We appreciate our pets and the presence of wildlife on our property, but need to be careful to ensure we are not negatively impacting the environment around us. Wildlife is just that – wild. By being aware of how our actions affect the plants and animals around us, we can make sure that the natural environment maintains its healthy form and function.

Maintain natural levels of wild animals by reducing and eliminating attractants on your property.

  • Place all garbage in good storage containers that cannot be accessed by animals.
  • Do not feed wildlife.
  • Keep your compost far away from water in a sealed, animal-proof container. Turn regularly to reduce odours.
  • Keep all pet food inside.

Populations of wild animals such as squirrels and raccoons generally increase in developed areas. These animals can impact turtle populations by preying on hatchlings and digging up turtle nests to eat the eggs. It is important to remember that predators are not “bad” species and that predation is a part of a natural ecosystem. However, by keeping our land free of attractants, we can avoid artificially raising predator populations to levels that would not occur naturally.

You are responsible for your pet and its actions. Keep your cat and dog on a leash or in an enclosed area when outdoors.
Cats and dogs can disturb and kill wildlife. Under the Nova Scotia Wildlife Act it is against the law to allow a dog to run “at large” or unaccompanied by its owner. Free-roaming cats are estimated to kill hundreds of millions of birds, reptiles, amphibians and mammals every year. One cat can have a huge impact on wildlife (even if it has a bell or is de-clawed), and can kill many animals per week. Most wildlife kills go unnoticed and it is difficult for a pet owner to realize the full impact of their pet.

Prevent the spread of invasive species when fishing and boating.

  • It is illegal to move fish from one body of water into another. This includes Chain Pickerel and Smallmouth Bass which can severely impact freshwater ecosystems.
  • Do not release live bait (see 'Invasive Fish and Prohibited Bait Species' page for a list of prohibited bait species).
  • Drain live wells and bilge water from your boat before leaving a water body. Remove all plants, mussels, and other visible organisms from your boat.
  • Wash or dry all your fishing gear (trailer, boots, tackle, etc) away from water bodies to kill the aquatic species on them, which can live for two weeks out of the water.
  • Before entering a water body, spray your boat with hot water or dry it in the sun for five days.

Invasive species like Smallmouth Bass and Chain Pickerel compete with native species (including fish, turtles, and snakes) for prey such as small fish and amphibians. Invasive species can alter entire food webs, and eliminate native fish populations (including important traditional angling species like brook trout). Chain pickerel have also been observed to wipe out entire amphibian populations and eat snakes.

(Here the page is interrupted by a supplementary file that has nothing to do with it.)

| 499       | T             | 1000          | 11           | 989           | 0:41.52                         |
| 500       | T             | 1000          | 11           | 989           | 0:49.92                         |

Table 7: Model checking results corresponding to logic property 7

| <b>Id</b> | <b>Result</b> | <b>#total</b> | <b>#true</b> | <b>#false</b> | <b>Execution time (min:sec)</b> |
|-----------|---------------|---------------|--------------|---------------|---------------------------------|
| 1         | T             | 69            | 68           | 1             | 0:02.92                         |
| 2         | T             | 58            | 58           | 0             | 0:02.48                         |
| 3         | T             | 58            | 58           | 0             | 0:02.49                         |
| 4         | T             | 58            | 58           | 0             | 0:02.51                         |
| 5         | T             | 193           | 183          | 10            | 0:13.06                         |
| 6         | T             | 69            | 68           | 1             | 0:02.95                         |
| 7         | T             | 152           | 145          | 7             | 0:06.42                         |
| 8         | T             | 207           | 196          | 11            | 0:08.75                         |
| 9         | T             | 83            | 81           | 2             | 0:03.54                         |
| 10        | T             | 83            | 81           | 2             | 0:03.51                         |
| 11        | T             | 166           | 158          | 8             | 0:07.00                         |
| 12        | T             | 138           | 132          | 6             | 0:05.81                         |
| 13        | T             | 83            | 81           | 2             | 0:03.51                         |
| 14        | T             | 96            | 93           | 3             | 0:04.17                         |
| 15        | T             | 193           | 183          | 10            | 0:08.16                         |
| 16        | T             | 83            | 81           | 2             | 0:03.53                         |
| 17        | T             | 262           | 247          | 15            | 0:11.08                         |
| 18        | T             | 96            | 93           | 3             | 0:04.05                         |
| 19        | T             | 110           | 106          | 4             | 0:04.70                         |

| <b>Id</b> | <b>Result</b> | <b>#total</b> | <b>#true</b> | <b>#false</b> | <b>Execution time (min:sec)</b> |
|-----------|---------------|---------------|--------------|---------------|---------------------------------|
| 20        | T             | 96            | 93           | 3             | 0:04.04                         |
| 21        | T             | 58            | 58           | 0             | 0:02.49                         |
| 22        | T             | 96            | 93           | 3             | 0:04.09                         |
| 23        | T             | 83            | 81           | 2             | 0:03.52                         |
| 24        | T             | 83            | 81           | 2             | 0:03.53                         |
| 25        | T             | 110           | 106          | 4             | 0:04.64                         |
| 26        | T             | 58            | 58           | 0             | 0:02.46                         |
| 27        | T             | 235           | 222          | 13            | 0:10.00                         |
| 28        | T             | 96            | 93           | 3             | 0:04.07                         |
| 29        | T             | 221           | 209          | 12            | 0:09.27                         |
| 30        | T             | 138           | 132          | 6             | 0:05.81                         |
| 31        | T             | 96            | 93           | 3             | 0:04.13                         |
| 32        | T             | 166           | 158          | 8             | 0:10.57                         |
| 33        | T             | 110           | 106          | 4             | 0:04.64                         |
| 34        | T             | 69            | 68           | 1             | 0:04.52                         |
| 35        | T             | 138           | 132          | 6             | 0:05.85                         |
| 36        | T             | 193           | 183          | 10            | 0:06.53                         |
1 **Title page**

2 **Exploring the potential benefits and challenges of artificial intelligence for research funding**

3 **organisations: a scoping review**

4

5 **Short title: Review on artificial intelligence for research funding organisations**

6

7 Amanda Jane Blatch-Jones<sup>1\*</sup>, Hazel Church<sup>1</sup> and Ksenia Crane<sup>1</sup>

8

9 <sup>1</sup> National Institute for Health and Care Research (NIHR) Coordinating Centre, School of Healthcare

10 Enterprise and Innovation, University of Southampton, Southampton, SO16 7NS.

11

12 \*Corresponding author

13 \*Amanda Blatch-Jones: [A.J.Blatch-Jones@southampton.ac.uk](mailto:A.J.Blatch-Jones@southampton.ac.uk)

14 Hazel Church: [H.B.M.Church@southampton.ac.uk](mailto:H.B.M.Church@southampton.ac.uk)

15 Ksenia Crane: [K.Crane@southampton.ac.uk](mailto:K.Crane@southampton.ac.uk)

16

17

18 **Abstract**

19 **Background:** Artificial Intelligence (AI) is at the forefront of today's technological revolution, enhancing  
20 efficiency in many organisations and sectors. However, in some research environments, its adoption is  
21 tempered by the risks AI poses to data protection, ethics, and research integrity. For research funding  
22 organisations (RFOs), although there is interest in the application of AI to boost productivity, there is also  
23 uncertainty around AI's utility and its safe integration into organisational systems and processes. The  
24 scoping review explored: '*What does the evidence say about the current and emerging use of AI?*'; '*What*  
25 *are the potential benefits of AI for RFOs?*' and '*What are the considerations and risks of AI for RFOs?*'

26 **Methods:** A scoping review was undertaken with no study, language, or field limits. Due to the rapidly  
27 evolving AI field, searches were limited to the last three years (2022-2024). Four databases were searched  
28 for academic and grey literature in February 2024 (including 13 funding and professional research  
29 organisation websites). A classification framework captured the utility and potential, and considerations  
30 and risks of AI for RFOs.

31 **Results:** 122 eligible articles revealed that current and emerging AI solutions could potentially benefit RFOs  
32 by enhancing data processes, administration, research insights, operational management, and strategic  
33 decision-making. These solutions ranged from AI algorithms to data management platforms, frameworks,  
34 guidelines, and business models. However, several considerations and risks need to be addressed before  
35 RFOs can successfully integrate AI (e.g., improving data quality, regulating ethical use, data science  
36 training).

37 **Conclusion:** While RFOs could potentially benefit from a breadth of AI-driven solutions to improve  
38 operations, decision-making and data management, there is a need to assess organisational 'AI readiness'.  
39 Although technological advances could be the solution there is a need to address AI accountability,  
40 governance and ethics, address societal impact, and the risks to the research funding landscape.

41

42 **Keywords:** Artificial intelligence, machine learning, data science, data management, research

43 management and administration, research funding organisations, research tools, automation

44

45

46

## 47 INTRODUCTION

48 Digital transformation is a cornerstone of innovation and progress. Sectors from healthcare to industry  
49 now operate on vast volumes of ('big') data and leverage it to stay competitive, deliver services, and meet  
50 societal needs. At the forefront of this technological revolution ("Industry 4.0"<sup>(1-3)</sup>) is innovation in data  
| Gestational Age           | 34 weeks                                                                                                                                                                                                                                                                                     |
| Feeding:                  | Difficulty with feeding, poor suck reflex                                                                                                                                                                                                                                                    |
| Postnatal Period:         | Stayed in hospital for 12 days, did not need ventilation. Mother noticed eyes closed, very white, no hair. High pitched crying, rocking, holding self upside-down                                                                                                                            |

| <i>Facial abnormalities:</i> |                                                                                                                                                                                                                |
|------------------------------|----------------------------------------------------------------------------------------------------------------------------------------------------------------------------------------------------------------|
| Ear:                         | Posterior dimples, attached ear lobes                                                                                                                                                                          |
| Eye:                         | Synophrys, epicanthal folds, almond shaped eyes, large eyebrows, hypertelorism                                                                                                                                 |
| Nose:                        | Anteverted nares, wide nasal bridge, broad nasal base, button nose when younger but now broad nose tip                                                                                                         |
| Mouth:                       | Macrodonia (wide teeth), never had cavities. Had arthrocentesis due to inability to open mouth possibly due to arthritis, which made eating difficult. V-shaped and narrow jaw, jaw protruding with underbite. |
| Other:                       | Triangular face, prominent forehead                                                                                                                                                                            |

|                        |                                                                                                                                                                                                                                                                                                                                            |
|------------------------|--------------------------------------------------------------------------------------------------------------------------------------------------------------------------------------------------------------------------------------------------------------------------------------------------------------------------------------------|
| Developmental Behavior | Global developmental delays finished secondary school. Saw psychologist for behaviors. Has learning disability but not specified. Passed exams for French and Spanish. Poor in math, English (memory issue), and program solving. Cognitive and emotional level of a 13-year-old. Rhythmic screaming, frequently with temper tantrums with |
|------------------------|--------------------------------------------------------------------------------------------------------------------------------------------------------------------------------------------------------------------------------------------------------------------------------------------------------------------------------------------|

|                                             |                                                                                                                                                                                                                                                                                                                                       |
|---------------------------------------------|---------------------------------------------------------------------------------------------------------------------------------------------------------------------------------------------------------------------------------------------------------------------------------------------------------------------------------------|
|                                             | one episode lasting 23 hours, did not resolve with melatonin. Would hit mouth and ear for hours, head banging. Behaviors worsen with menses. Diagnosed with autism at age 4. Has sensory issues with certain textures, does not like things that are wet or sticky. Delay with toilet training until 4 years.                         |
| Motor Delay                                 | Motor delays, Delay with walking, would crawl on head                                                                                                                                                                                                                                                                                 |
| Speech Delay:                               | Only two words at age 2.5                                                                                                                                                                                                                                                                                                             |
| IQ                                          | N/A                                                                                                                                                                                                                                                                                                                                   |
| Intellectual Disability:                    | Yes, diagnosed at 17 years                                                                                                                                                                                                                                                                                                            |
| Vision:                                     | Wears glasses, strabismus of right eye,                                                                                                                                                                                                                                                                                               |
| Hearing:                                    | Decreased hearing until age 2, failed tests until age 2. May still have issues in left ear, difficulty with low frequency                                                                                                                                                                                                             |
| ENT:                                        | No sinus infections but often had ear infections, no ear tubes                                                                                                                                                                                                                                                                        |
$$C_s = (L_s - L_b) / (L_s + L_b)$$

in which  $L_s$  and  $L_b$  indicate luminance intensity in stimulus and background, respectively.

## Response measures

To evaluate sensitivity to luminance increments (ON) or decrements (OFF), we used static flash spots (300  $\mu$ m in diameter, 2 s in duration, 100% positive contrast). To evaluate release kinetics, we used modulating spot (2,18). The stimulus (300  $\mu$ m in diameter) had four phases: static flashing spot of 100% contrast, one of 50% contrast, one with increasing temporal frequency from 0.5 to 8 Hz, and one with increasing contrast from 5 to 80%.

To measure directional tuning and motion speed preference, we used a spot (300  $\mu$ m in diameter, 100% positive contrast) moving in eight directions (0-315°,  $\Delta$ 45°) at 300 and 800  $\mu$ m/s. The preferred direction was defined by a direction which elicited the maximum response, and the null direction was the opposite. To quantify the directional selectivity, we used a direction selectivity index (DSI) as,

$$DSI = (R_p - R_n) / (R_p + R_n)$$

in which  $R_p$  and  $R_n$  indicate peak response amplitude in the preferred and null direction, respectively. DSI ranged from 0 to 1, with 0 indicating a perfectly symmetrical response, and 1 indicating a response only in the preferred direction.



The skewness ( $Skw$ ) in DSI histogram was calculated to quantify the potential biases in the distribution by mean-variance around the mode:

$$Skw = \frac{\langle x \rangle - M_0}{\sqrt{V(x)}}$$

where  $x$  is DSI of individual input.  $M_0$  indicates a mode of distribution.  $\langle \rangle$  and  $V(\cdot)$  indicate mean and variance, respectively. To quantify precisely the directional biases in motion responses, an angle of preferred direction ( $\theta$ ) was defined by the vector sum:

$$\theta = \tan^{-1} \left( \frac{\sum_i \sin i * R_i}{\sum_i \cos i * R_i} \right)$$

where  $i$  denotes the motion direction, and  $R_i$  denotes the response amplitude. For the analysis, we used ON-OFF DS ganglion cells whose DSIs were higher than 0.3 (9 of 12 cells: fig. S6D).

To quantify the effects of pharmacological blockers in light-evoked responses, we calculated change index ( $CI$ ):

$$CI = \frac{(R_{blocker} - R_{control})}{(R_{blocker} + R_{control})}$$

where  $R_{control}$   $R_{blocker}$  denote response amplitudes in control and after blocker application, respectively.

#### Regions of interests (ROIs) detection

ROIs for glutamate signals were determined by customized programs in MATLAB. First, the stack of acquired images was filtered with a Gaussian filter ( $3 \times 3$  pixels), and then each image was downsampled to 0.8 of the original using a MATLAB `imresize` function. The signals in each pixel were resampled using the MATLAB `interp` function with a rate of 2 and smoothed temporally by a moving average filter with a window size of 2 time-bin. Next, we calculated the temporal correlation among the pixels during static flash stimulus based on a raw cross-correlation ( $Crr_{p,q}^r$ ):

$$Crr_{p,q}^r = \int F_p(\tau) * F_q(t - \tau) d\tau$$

Report invasive alien species sightings.
Call 1-800-563-7711 to report your observations to the Invading Species Hotline (www.invadingspecies.com). If you catch or observe smallmouth bass or chain pickerel you can report this information to the Mersey Tobeatic Research Institute by calling 1-866-727-3447.
Beaver dam removal requires a permit and should be avoided whenever possible.
Contact the Department of Natural Resources for information regarding nuisance beavers (refer to the 'Contact Information' page). Ask about alternative approaches to manage conflict situations, which may include beaver leveler devices to help keep water at acceptable levels. Provincial regulations prohibit unauthorized persons from disturbing or removing a beaver dam or lodge at any time. In most situations removal of the animals and/or their dams is not necessary or even the most effective approach.
Do not release pet species into the wild or keep wild animals as pets.
Releasingspecies like goldfish and red-eared sliders into the wild can disrupt and harm the ecosystem and can spread exotic parasites and diseases to native species with no resistance. Wild animals are not meant to be kept as pets and suffer when they are removed from their natural habitat.


Beaver Maintained Wetlands

Blanding’s Turtle habitat is strongly associated with the presence of beavers and the wetland habitat they create and maintain. Beaver dams play an important role in maintaining constant water levels (which is particularly important during times of drought) and sustaining nutrient levels. Blanding’s Turtles often spend both the summer and winter in habitat created by beavers. Eastern Ribbonsnakes are often found in beaver maintained wetlands and have been observed on both dams and lodges.


Department of Natural Resources “When Beavers Become A Nuisance” brochure
Provides information about living with beavers. Call 902-679-6091 to request a hard copy or view online.